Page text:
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#13
Use what you want. Do not let convention limit your creativity and tone. If people did that, ntohing new would ever be created.

But to add to the list of people using things differently, usually neck pickups are used for sweeping as opposed to bridge pickups, at least from what I've heard. I could be very wrong. But you should still use what you want.

tl;dr Use what you want, when you want.

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#14
Quote by SylKain
Take a look at the switch cover of a les paul and you'll get the meaning


or most other gibson or epiphones, some people may use the neck pickup for soloing, but I think its usually the other way around.
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#15
i use the bridge for rhythm and the neck for solos and lead, reason being the lower strings sound so dirty on my schecter but the higher strings some thick and warm.
#16
Look at it this way, if you follow rules you won't get anywhere. Yes its true most do use the bridge pickup for lead. Just look at how many 1 hum super strats were available in the 80's but its all what kind of tone and feel you're after. Nothing wrong with using your neck pickup for lead as many do it. Depends on the song, the solo itself and what tone you're after of course so don't limit yourself

EDIT:

Just check out this video. Starts off on neck pickup then towards the end switches to bridge, you can clearly see it in the video. Beautiful solo too.

http://www.youtube.com/watch?v=RuG_316cPMY
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Last edited by DSOTM80 at Sep 18, 2008,
#18
for metal I always go
rhythm (100%)--> 81 (or bridge PU)

lead depends , for cut through guitar scream ear piercing sounds go 81(or bridge PU)
and for smoother sounds or more clarity 85(or neck PU)
I hardly ever play cleans but the 81 can do some, just lower your volume a bit and use picking dynamcs
#21
I'm not too sure on this, but I think it was someone working with Buddy Holly who swapped the neck pickup when he was playing chords and things to the bridge for the solo.

But seriously, it doesn't really matter what you do, some people only use the neck and some, the bridge. It all depends on what you want in terms of tone.
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#22
Quote by daryle_goh
from my experience, (or from what i know) bridge pickups are generally used for rhythmn and neck pickups are generally used for leads.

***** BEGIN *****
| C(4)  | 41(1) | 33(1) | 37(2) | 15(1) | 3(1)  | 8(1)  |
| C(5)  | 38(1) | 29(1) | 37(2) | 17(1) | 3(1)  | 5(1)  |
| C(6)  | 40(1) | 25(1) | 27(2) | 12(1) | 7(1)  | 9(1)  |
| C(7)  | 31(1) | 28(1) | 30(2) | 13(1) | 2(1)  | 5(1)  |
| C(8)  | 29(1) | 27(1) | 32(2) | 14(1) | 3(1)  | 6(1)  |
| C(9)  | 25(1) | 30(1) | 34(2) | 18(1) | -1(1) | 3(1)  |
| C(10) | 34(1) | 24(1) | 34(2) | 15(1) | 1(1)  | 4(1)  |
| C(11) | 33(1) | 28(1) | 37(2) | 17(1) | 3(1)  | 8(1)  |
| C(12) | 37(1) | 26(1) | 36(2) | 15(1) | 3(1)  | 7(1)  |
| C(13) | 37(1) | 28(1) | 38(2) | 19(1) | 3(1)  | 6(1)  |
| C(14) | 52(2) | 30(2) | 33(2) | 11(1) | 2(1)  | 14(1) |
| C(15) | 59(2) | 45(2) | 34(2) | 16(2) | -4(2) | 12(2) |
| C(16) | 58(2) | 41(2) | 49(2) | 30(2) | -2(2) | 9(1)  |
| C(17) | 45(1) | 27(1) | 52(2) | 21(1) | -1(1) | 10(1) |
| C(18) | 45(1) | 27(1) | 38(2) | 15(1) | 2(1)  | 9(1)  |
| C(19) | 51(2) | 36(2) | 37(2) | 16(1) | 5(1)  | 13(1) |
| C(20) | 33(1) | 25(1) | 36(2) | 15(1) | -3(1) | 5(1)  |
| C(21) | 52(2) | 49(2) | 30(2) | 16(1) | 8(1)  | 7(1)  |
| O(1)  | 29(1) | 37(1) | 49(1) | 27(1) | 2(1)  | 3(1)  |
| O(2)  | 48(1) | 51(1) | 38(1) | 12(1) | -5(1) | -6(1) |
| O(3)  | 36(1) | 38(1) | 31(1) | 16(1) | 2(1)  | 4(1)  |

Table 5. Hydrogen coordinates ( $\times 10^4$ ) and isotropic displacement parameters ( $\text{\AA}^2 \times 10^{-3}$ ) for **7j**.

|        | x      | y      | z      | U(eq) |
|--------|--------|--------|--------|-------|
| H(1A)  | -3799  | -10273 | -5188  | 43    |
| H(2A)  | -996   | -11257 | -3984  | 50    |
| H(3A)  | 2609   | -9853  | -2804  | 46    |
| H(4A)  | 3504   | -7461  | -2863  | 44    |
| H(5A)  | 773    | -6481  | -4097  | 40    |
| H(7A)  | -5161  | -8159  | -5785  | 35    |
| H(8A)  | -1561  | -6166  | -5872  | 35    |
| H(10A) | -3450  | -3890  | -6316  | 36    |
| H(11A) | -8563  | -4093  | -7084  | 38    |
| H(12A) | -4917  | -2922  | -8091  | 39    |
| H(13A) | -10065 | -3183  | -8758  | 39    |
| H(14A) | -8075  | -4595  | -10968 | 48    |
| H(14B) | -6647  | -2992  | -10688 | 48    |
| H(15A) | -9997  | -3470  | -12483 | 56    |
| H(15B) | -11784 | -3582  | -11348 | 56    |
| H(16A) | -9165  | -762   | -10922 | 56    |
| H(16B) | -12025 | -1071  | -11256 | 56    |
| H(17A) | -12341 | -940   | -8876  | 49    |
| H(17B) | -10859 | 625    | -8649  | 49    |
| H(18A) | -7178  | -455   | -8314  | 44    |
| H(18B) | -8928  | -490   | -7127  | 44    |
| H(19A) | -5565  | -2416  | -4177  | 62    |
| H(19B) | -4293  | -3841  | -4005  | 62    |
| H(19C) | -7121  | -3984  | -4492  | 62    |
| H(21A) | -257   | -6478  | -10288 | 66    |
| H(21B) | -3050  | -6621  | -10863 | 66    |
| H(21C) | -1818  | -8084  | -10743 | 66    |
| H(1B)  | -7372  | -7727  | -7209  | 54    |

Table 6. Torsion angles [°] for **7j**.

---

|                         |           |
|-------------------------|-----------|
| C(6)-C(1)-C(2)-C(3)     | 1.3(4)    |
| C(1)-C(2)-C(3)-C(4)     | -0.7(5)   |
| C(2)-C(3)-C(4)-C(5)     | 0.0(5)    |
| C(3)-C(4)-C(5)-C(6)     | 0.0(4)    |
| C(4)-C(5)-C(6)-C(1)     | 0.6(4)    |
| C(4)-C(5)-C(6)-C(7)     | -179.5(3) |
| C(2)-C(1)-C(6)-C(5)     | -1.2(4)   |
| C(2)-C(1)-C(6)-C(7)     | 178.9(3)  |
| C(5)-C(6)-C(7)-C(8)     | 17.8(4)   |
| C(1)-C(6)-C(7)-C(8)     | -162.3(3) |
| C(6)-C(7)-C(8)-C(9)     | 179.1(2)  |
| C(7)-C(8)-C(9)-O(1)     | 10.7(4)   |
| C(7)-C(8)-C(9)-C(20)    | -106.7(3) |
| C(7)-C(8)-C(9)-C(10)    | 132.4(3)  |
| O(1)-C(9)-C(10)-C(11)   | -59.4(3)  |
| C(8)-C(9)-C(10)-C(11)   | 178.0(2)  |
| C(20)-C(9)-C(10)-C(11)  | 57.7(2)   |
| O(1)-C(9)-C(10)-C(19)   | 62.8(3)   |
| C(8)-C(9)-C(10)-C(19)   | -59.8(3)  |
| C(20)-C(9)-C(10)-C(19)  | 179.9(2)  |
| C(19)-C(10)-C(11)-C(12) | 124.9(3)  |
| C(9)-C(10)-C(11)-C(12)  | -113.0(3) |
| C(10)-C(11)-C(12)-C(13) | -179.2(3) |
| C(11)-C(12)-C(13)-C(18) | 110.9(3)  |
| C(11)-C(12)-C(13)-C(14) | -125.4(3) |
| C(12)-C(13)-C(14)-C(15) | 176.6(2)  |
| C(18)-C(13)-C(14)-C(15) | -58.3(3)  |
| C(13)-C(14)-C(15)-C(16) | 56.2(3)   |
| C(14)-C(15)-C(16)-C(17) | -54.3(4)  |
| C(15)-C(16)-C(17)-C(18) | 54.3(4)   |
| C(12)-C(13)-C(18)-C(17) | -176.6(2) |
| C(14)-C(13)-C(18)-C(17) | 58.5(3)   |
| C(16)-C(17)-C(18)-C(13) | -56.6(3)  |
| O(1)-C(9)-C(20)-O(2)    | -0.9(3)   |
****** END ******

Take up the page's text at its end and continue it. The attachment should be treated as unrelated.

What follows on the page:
why then, is the EMG 81 considered a "brilliant lead pickup for use in bridge position"
and the EMG 85 a "rhytmn pickup for use in neck position"????????



because you were wrong.


in general (especially metal which those pickups are designed for) the bridge is used for leads and the neck for rythms
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#23
Legacy of pickup placement, specifically Gibson. Bridge = Lead. So, EMG stuck with this convention in their sales lit.
The guitar police won't arrest anyone for not following this convention. I think slash always solos on the neck? (of course, that ain't no stock gibson pick up either.)
Personally, I can't use the neck p/u when distorted. Tone = mud = ass. Both stock gibsons and EMG's. Mud.
#24
I never use the neck pickup for rhythm, and especially not for leads. The bridge pickup is so much more dynamic, it really responds to your attack and the way you pick. The neck just sounds like the notes are muffled together. I'll only use the neck pickup when my amp is overdriven for sweep picking, but I really never use it, I'll play with the technqiue everyone once in a while to mess around with.

I do always use the neck pickup for cleans though, with the volume rolled down. Theres no rules for using them, use whichever you think sounds good.
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#25
thanks for your input guys. i was just wondering, not really strictly following "rules" or anything. personally, i do prefer the bridge pickup over the neck pickup for just about everything. i only use the neck pu when i need very clean sounds. my bridge pickup.... is a little too loud for clean sounds.

thanks again.
#26
I use the bridge for high gain applications and the neck pickup for clean or low gain applications.
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#27
i always use the bridge pickup, but when i want to do a realy cool video game solo or something i use the neck. and for clean stiuff i use the neck pu. and i use the neck p.u for regular solos and stuff too, i dont use it too much with my riffs and stuff